As a result of this true affection for the tea culture in Japan, during my two years-long travel in this amazing country, I’ve decided to undertake a journey of discovery of the places where the Camellia Sinensis “has its roots”. After a first attempt in the region of Mt. Fuji (which unfortunately went wrong, due to logistic and weather adversities), I’ve focussed my interest on the Kyoto prefecture. To be precise, the fields of Wazuka (和束町), which is one of the birthplaces of tea in Japan, with its 800 years of history.
Unknown to the majority of tourists, Wazuka is a little town enclosed between two mountain ranges, not far from Kyoto and Nara but, at the same, not so readily accessible like most other places in Japan. In fact, from the city it’s necessary to take the train, then change the line and, once arrived at the town’s station, hop on a bus which leads to the Harayama fields. Not so difficult, actually, but keep in mind the timetables or you’ll find yourself stuck in the fields’ area when it’s time to come back.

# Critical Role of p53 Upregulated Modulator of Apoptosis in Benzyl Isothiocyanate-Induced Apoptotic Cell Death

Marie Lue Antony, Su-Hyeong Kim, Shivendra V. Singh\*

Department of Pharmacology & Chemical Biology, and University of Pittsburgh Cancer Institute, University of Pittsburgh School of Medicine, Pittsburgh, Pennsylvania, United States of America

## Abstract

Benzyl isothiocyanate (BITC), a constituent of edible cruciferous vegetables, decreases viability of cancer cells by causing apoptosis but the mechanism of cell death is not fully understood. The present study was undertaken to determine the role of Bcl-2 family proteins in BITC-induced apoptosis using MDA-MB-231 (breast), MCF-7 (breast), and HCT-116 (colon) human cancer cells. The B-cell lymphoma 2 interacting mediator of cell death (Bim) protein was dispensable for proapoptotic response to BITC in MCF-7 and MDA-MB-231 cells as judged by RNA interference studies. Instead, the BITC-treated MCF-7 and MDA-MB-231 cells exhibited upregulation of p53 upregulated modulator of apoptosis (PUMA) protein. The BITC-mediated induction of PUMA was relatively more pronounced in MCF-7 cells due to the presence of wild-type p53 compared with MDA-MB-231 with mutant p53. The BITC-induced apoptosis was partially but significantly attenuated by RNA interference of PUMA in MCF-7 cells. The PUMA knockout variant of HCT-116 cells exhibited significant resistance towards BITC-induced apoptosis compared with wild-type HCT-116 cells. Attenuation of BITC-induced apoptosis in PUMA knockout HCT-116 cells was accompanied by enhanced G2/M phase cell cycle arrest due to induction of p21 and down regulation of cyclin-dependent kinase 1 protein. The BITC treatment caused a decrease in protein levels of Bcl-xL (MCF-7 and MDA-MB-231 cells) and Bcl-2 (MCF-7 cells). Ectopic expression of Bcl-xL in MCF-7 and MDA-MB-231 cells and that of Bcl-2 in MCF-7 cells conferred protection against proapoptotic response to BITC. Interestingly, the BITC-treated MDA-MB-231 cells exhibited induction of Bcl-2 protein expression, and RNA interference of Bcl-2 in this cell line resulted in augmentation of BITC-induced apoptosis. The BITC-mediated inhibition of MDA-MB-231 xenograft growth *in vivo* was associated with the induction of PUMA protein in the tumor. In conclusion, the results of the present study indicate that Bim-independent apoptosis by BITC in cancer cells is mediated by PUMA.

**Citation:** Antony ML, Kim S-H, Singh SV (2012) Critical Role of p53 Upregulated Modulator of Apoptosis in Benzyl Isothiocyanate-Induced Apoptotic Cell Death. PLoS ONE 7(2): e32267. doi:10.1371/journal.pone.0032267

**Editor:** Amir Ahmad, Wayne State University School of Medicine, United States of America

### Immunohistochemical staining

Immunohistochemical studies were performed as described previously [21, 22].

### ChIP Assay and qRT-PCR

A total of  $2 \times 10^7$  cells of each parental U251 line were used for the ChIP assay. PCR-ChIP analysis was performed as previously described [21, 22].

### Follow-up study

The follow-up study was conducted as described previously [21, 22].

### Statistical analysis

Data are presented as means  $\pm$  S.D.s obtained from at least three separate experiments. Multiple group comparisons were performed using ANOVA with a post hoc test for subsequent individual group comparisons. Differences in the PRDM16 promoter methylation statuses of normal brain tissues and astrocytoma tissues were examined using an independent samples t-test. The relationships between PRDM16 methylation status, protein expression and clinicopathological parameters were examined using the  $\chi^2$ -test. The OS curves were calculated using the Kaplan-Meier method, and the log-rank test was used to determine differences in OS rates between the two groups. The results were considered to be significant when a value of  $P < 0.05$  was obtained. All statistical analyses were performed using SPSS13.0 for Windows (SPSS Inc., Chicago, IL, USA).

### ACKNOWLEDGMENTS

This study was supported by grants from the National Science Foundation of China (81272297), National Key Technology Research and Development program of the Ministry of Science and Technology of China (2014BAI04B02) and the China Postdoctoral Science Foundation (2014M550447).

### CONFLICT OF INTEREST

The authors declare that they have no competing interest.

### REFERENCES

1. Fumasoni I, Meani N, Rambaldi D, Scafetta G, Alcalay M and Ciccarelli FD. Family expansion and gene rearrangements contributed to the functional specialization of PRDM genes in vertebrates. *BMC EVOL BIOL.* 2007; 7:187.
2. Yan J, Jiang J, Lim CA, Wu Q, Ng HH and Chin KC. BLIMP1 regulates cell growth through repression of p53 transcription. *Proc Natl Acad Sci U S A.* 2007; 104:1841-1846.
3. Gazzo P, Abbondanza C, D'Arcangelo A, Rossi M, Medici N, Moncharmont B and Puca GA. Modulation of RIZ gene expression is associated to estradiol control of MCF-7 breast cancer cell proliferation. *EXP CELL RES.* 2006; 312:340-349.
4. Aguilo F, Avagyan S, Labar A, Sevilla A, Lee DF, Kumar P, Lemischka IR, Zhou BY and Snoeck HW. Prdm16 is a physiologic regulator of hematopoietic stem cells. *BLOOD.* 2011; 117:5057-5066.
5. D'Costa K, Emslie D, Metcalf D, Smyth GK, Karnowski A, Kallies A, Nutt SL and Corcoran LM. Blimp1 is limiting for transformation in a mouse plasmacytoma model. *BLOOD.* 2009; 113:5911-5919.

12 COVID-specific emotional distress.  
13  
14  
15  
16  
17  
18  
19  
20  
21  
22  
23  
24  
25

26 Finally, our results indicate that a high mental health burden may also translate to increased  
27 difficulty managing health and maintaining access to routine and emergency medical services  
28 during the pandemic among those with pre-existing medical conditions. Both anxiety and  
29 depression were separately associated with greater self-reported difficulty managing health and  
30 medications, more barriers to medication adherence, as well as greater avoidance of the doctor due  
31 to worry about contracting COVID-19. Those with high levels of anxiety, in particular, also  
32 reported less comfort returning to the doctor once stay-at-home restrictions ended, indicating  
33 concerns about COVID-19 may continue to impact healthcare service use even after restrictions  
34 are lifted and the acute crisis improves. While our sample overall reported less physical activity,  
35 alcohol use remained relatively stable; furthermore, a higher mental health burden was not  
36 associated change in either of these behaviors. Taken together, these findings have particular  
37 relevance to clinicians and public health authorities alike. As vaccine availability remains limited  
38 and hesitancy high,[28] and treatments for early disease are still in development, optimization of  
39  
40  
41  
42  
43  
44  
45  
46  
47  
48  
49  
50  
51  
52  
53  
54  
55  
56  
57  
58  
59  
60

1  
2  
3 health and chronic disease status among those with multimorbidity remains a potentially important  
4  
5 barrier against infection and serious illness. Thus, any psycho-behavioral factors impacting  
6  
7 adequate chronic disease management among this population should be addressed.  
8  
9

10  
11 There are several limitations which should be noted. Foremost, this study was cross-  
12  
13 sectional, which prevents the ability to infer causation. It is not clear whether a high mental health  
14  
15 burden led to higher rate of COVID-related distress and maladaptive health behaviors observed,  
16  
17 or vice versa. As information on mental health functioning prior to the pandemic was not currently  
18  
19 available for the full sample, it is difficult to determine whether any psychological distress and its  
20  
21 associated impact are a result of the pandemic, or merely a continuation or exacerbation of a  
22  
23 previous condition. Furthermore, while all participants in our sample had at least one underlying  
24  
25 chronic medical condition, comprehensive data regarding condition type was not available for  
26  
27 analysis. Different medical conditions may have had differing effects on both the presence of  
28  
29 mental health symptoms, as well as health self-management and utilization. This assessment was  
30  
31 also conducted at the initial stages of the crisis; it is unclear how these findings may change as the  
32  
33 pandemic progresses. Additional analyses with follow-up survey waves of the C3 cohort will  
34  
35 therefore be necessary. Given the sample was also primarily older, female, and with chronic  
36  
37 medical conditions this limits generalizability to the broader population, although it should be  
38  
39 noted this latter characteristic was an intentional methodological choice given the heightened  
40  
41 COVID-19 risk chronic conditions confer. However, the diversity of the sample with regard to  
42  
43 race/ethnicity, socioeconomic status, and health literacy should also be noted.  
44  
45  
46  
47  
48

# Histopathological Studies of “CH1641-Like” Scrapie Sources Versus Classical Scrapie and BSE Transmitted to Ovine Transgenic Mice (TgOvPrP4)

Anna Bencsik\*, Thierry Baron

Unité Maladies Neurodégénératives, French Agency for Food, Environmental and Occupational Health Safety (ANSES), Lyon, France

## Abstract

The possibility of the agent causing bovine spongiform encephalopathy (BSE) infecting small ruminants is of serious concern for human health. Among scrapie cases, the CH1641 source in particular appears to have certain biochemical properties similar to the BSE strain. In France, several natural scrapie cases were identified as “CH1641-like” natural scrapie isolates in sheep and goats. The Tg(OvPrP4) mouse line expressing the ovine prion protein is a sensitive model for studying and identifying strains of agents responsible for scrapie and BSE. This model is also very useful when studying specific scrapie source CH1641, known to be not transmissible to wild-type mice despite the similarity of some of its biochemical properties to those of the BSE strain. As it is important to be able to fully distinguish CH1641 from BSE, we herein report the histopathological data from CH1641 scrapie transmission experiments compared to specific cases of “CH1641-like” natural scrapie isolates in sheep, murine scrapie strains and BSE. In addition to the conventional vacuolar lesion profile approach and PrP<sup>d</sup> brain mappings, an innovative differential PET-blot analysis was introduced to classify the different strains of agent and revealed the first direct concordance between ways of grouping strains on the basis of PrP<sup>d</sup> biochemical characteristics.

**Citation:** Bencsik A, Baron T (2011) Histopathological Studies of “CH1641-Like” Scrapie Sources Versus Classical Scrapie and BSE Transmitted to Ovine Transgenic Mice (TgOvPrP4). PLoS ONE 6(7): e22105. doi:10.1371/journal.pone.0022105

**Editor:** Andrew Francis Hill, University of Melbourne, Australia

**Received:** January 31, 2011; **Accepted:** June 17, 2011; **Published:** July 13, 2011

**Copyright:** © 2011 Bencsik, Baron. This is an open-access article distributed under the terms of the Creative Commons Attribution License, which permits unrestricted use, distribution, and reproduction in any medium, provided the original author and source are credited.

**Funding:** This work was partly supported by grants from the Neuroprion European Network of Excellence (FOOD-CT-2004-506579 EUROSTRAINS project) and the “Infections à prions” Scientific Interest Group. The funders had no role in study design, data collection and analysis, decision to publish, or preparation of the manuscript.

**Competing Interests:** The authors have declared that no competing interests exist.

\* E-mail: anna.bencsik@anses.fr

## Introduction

As soon as I’ve arrived in the area of tea plantations, I’ve been impressed by the gorgeous vista: a succession of rows of tea bushes climbing the hillsides, creating a unique landscape. The entire area was crossed by small paths, which connected the various fields, as well as some cabins.
The arrangement of the fields is not accidental but is aimed at the effective and natural cultivation of tea plants. Moreover, the geographical position and the altitude of the Wazuka fields are particularly favorable, since they are protected by the surrounding mountain ranges so that the climate, humidity and temperature range are optimal. As a result, the tea produced in this area is one of the finest in Japan (an example is the delicious and renowned Uji Matcha 抹茶) and it’s no coincidence that much of the region’s supply of “Yabukita” cultivar comes from here.